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Lecture 8

PSY310 Lecture 8 (Mar 11, 2013).docx

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Simone Walker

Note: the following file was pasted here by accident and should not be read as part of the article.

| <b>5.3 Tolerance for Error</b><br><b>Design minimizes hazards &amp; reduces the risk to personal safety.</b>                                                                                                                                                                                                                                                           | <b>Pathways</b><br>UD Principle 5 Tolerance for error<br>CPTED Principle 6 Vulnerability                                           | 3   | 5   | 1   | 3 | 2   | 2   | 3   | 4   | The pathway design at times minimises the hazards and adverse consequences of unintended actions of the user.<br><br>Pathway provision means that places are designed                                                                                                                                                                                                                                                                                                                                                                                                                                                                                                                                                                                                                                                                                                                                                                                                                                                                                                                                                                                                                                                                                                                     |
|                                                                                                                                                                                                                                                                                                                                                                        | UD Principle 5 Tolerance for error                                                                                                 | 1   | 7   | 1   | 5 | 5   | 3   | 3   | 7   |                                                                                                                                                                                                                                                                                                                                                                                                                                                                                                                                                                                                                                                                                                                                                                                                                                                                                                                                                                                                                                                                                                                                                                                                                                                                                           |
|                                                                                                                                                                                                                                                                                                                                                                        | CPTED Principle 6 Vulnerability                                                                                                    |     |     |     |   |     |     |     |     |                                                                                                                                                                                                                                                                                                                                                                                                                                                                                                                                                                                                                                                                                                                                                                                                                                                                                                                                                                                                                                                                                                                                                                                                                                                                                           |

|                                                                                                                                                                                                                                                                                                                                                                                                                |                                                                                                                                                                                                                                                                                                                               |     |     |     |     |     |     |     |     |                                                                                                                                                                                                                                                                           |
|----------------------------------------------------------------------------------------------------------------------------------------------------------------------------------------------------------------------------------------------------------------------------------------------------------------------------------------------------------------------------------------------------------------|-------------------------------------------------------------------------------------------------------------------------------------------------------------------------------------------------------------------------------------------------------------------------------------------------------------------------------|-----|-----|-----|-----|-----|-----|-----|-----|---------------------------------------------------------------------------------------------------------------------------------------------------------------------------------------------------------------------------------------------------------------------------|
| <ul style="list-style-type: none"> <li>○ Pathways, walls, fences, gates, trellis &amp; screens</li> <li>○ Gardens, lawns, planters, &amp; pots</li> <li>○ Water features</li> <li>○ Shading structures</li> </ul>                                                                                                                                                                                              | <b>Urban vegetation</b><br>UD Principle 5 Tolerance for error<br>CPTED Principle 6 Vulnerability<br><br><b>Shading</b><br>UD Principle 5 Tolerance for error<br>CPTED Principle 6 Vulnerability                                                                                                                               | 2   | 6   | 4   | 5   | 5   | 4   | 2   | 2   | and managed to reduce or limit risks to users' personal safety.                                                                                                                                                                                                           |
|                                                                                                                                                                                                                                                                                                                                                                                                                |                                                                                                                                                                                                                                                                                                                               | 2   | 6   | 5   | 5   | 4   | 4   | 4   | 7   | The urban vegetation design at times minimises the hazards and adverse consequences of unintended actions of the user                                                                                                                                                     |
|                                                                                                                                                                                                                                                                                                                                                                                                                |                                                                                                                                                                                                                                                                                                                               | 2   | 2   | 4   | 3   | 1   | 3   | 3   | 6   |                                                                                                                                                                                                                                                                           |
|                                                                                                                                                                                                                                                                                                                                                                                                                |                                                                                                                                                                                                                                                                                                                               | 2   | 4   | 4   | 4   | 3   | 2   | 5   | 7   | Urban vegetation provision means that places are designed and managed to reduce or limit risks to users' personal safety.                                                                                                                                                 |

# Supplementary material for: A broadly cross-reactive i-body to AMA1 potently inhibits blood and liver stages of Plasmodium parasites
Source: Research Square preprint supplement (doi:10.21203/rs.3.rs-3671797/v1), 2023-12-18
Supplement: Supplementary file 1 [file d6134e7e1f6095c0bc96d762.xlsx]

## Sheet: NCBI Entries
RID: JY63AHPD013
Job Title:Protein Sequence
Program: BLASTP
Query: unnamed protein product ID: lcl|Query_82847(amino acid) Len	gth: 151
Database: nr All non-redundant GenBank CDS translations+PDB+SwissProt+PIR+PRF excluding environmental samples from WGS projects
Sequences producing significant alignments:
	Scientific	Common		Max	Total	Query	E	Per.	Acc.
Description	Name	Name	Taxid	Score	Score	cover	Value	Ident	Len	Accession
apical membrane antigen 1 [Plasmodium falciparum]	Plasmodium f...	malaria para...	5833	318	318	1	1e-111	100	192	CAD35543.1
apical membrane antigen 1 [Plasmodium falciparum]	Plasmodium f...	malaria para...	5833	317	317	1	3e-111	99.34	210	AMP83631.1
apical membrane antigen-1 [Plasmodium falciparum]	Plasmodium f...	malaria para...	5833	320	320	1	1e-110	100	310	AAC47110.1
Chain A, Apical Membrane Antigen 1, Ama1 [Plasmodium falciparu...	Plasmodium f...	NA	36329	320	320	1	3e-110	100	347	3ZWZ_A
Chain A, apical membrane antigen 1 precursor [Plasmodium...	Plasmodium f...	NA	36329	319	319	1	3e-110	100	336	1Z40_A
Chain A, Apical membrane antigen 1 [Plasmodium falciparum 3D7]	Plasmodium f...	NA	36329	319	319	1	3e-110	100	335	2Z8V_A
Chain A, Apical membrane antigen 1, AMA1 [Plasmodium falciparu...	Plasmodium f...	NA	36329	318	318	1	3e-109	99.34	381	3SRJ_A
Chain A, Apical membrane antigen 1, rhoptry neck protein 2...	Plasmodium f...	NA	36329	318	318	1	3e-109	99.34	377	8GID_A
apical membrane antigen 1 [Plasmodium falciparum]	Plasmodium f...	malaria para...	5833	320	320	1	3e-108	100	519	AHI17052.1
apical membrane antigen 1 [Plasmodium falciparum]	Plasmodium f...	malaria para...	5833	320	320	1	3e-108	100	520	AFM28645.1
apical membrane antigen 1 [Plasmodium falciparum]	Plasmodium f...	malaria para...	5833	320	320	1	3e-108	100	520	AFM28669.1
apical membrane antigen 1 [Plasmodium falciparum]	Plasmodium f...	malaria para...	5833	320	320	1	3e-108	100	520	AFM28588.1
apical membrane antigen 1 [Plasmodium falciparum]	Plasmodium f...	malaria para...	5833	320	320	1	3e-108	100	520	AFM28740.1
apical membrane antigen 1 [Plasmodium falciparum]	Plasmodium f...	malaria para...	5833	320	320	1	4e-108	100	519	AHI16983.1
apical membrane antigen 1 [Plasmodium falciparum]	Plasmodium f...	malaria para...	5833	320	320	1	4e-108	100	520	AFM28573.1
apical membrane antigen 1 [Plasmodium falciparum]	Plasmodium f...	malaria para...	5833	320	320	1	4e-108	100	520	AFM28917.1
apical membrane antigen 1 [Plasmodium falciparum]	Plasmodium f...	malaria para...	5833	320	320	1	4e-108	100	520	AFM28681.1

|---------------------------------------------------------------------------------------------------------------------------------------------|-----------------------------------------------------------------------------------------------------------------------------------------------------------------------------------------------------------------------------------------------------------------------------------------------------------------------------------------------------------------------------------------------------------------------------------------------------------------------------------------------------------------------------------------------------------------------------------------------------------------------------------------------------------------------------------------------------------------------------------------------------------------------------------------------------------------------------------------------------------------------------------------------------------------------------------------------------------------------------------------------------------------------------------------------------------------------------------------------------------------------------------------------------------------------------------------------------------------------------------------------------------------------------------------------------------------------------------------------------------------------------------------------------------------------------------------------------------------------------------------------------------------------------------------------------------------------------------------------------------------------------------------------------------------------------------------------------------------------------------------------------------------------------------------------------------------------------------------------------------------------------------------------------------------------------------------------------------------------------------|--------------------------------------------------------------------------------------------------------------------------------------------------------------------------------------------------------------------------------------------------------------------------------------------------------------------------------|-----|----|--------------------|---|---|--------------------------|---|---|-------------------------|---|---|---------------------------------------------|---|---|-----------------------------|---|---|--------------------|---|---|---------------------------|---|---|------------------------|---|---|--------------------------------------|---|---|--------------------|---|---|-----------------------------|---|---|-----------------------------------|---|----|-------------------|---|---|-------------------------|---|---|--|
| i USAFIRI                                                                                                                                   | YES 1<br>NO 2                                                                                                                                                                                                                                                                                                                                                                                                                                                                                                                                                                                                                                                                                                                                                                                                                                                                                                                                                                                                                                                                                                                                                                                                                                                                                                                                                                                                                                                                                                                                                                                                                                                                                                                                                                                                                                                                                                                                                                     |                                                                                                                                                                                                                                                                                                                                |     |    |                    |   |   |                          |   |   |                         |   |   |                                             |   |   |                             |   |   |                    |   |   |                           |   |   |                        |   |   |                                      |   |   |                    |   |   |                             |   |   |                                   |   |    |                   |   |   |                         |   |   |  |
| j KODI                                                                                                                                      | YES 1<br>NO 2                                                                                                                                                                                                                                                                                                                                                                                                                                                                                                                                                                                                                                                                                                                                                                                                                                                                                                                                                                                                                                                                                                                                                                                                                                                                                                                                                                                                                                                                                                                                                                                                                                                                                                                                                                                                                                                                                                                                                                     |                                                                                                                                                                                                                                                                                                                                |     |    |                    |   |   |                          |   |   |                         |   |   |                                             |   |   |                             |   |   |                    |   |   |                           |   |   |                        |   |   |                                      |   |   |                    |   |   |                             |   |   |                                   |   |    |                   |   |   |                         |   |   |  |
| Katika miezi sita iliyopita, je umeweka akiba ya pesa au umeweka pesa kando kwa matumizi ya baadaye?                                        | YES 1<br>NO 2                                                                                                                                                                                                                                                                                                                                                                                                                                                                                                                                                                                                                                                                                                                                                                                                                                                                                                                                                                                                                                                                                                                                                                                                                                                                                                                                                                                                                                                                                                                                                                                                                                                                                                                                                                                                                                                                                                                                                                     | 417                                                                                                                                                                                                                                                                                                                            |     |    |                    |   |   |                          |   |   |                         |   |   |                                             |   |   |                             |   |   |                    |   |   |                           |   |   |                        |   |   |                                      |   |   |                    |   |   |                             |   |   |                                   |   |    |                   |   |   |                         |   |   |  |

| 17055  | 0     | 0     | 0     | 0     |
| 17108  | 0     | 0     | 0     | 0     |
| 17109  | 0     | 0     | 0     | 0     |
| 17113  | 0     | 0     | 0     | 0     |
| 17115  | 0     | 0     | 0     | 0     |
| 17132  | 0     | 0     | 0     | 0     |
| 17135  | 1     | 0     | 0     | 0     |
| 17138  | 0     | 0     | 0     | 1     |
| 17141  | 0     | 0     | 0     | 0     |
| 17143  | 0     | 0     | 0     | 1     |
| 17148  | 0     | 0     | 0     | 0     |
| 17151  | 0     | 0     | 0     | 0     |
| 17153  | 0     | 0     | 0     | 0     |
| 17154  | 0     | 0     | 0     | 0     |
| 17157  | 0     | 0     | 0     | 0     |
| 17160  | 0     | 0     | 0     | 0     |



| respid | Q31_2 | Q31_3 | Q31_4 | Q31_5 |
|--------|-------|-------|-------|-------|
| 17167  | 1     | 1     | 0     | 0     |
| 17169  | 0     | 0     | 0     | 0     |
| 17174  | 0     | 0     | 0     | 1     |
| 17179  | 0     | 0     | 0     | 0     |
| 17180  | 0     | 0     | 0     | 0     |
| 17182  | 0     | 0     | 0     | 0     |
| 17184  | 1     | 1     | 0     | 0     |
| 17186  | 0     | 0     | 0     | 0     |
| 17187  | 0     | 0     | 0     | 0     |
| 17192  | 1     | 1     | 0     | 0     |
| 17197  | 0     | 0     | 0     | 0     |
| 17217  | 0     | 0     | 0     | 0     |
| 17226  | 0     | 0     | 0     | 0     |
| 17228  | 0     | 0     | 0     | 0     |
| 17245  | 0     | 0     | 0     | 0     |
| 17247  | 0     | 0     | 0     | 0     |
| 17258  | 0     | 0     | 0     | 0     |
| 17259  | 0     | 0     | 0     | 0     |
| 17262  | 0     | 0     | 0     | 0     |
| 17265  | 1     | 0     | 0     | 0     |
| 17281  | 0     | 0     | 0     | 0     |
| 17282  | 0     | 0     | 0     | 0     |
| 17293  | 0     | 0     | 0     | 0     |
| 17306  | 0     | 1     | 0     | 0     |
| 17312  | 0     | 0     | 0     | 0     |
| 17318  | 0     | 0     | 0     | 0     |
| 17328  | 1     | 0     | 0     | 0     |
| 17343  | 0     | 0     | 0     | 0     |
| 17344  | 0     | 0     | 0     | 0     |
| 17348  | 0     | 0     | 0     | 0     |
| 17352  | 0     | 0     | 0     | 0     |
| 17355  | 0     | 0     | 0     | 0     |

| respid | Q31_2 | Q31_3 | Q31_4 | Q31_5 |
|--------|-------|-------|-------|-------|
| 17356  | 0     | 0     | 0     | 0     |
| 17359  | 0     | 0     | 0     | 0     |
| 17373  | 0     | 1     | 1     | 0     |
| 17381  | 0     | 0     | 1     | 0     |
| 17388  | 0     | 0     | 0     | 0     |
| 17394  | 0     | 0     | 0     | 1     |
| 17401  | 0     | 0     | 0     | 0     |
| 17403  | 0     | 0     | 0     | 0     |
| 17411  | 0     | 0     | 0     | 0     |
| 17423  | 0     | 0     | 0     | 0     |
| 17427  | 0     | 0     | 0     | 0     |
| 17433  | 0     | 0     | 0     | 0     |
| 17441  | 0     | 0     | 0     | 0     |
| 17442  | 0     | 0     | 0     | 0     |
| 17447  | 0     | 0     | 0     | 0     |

NOTE: DUE TO POTENTIAL COPYRIGHT INFRINGEMENTS, THE SLIDES HAD BEEN TAKEN OUT BY OWNER. SLIDE 1 - Identity and adolescence SLIDE 2 - Today’s objectives SLIDE 3 - Identity isn’t just who you are - It’s also made up of values, beliefs - Who you are and who you are as function as you play in society - Self-concept: contents of the self (values, morals, characteristics) - Self-esteem: how you evaluate yourself, how you measure up to certain standards, how you feel about yourself, how much you like/dislike yourself SLIDE 4 - Puberty changes how people change about themselves; changes in physical changes can influence how adolescents view themselves and also how other people respond to your changes and as a result reflect back on your behaviour to that attention - Around puberty, there’s increased distance in relationship between adolescents and parents - During adolescents, we engage in self reflection and self conception - Cognition changes: change in how you think and increased capacity in logical and deductive reasoning; metacognition (think about what you’re thinking); self consciousness (what you think and what other people think about you); adolescents are attune to how other people view them; adolescents are sensitive to what their peers say; who you’ll be and want to be; hypothetical thinking and thinking about the future; - Social changes: decisions that has to be made that determines the future events; - All these have important implications in the self identity SLIDE 5 - Children tend to define themselves with concrete terms (here and now); physical characteristics; possessions; preferences; self conceptions change dramatically across time and context because it depends on the current context of what they’re feeling - During adolescence, increase capacity of hypothetical and abstract thinking and therefore describe themselves with abstract traits; traits and descriptions of self are stable across time and situation; adolescents self concepts are more organized than children and it also becomes more complex; adolescents take context into account SLIDE 6 - Express different traits and characteristics depending on who they’re with and what they’re doing - Able to view themselves through the eyes of others and their self reflections reflect this - Think about different aspects of self - Actual self: who you are currently - Ideal self: who you want to be, who you aspire to be; taking accounts of aspirations and dreams - Ought self: who you should be according to external standards (parents, society) - Feared self: who you don’t want to be - May be psychologically advantageous and may provide them advantage over children - May not always find motivations between actual/ideal self, sometimes through the distance of actual self away from feared self - The larger the discrepancy between actual self and ideal self, there’s a negative affect and you’ll feel sad - Looking at the size of the discrepancy and the larger it gets, the more negative consequences such as depression - False self behaviour: impression management and embellish positive characteristics and downplay negative characteristics; presenting yourself in a not authentic way NOTE: DUE TO POTENTIAL COPYRIGHT INFRINGEMENTS, THE SLIDES HAD BEEN TAKEN OUT BY OWNER. - Has to realize the actual self before engaging in false self behaviour; as long as important values are still authentic, there won’t be much negativity experienced by adolescents SLIDE 7 - How self concepts can be different in terms of what situation - Conflicts in adolescents can be a source of concern for them, but as they get older, they can reconcile these differences and they know the reasons by rationalizing and justification of their behaviours in terms of context; some say it’s important part of understanding self identity SLIDE 8 - 5 basic characteristics that are universal - We can understand personality by gathering information from these 5 traits - How high and low is influenced by genes and environment SLIDE 9 - 40% in certain heritable traits - Different types of temperaments: easy or difficult (finicky, irritable, slow to warm up) - Temperaments may be early precursor to the 5 factor personality and then over time harden into personality - Nature of these traits change over development - Absolute stimuli don’t change (underlying behaviours with the world) SLIDE 10 - Whether or not the ranking in the population of people remain the same; as time goes on the rank order stay relatively the same - Ex. Height increase, but the order in comparison to peers will still stay the same - usually people get more extroverted, less neurotic, more conscientious - How one feels about themselves will also stay the same in terms of rank order amongst peers - There will be fluctuations though, kind of dip in middle adolescence depending on transitions or events happening to the adolescents - As they get older, adolescents feel of themselves may have consolidated and self esteem become more resistant to environmental factors SLIDE 11 - There are individual differences in terms of how much self esteem fluctuates - Some only fluctuates depending on context such as good/bad things - Self esteem fluctuates the most during middle adolescence (age 12-14); lower self esteem and more self conscious during this period compared to pre and late adolescence - Prone to feel ashamed of themselves and feel more self conscious SLIDE 12 - With puberty and cognitive changes, we’re more sensitive to people’s response to us - Adolescents is a time where people start to understand sarcasm and ridicule, and they also use this in their conversations with people - Adolescents are more sensitive to peer’s opinions - So how adolescents feel about themselves will vary greatly SLIDE 13 - This pattern didn’t emerge for all adolescents - Global self esteem is the gender role evaluation of yourself - Global self esteem tend to be more stable across time and context - State self esteem: depending on that moment of time NOTE: DUE TO POTENTIAL COPYRIGHT INFRINGEMENTS, THE SLIDES HAD BEEN TAKEN OUT BY OWNER. - Academic self esteem: how well you’re doing in school - Interaction self esteem: how your interactions are with peers and others - Physical self esteem: based on physical appearance - You only have to feel good about yourself in certain domain and then you’ll have positive feeling/liking for yourself in general - Don’t have to feel good about every single domain in order to feel good about yourself - Physical self esteem was the most important for adolescents, girls value it more than boys - Peer relationship self esteem was second, how adolescents felt about their interactions with their peers SLIDE 14 - Research have found gender differences - That dip in self esteem is greater in girls, than boys and also fluctuates more for girls - These differences go away as adolescents grow older - For girls, physical self esteem is especially more important; more conscious of her physical appearance during puberty and all the changes she would experience at the same time; as all her other peers catch up, it’s not that special anymore because everybody is going through the same thing - As a women, gaining weight that is different from the skinny ideal and therefore in the beginning, girls may be more self conscious of this change and decrease in self esteem - African Americans girls don’t experience that much self esteem drop in middle adolescence SLIDE 15 - Three reasons - They don’t feel negative about change in body; it’s because of the culture standards - Have higher self-esteem in general compared to other ethnic groups; they benefit from positive feedbacks in the community; focus on what you’re good at to increase the ego; - Have strong sense of ethnic identity SLIDE 16 - In the US, throughout 70s, 80s, 90s, a lot of money were put into programs about increasing girl’s self esteem - For Asian Americans, doing well in school is an important factor in developing high self esteem - Contingent self esteem: when you only like yourself when you live up to certain standards - People who have high contingent self esteem, they need things in place before they can like themselves - Adolescents who derive their self esteem from peers will have more behavioural problems - Parents play a major role in building high self esteem in adolescents - High self esteem correlated with positive outcomes doesn’t mean high self esteem causes these outcomes SLIDE 17 - More evidence that how you do in school will influence the adolescent’s self esteem and not exactly the other way around; reciprocal relationship in which both continues to influence each other - Having high self esteem will also increase adolescent’s overall well-being - Low self esteem is associated with deviant activities and distress - Just because low self esteem is correlated with negative outcomes doesn’t mean it causes it - Inflated self esteem: adolescents who really like themselves and showing narcissism also have more behavioural problems and worse peer relationships - Contingent self esteem is not good either because it is dependent on context; can become disengage or not be challenged in order to feel good about themselves SLIDE 18 - In response to not just biological, cognitive and social things NOTE: DUE TO POTENTIAL COPYRIGHT INFRINGEMENTS, THE SLIDES HAD BEEN TAKEN OUT BY OWNER. - There are 8 psychosocial crises that a person may go through during adolescence and throughout the lifespan - Identity vs. Identity diffusion: main goal of navigating adolescence to develop coherent sense of self - Who you are as internal character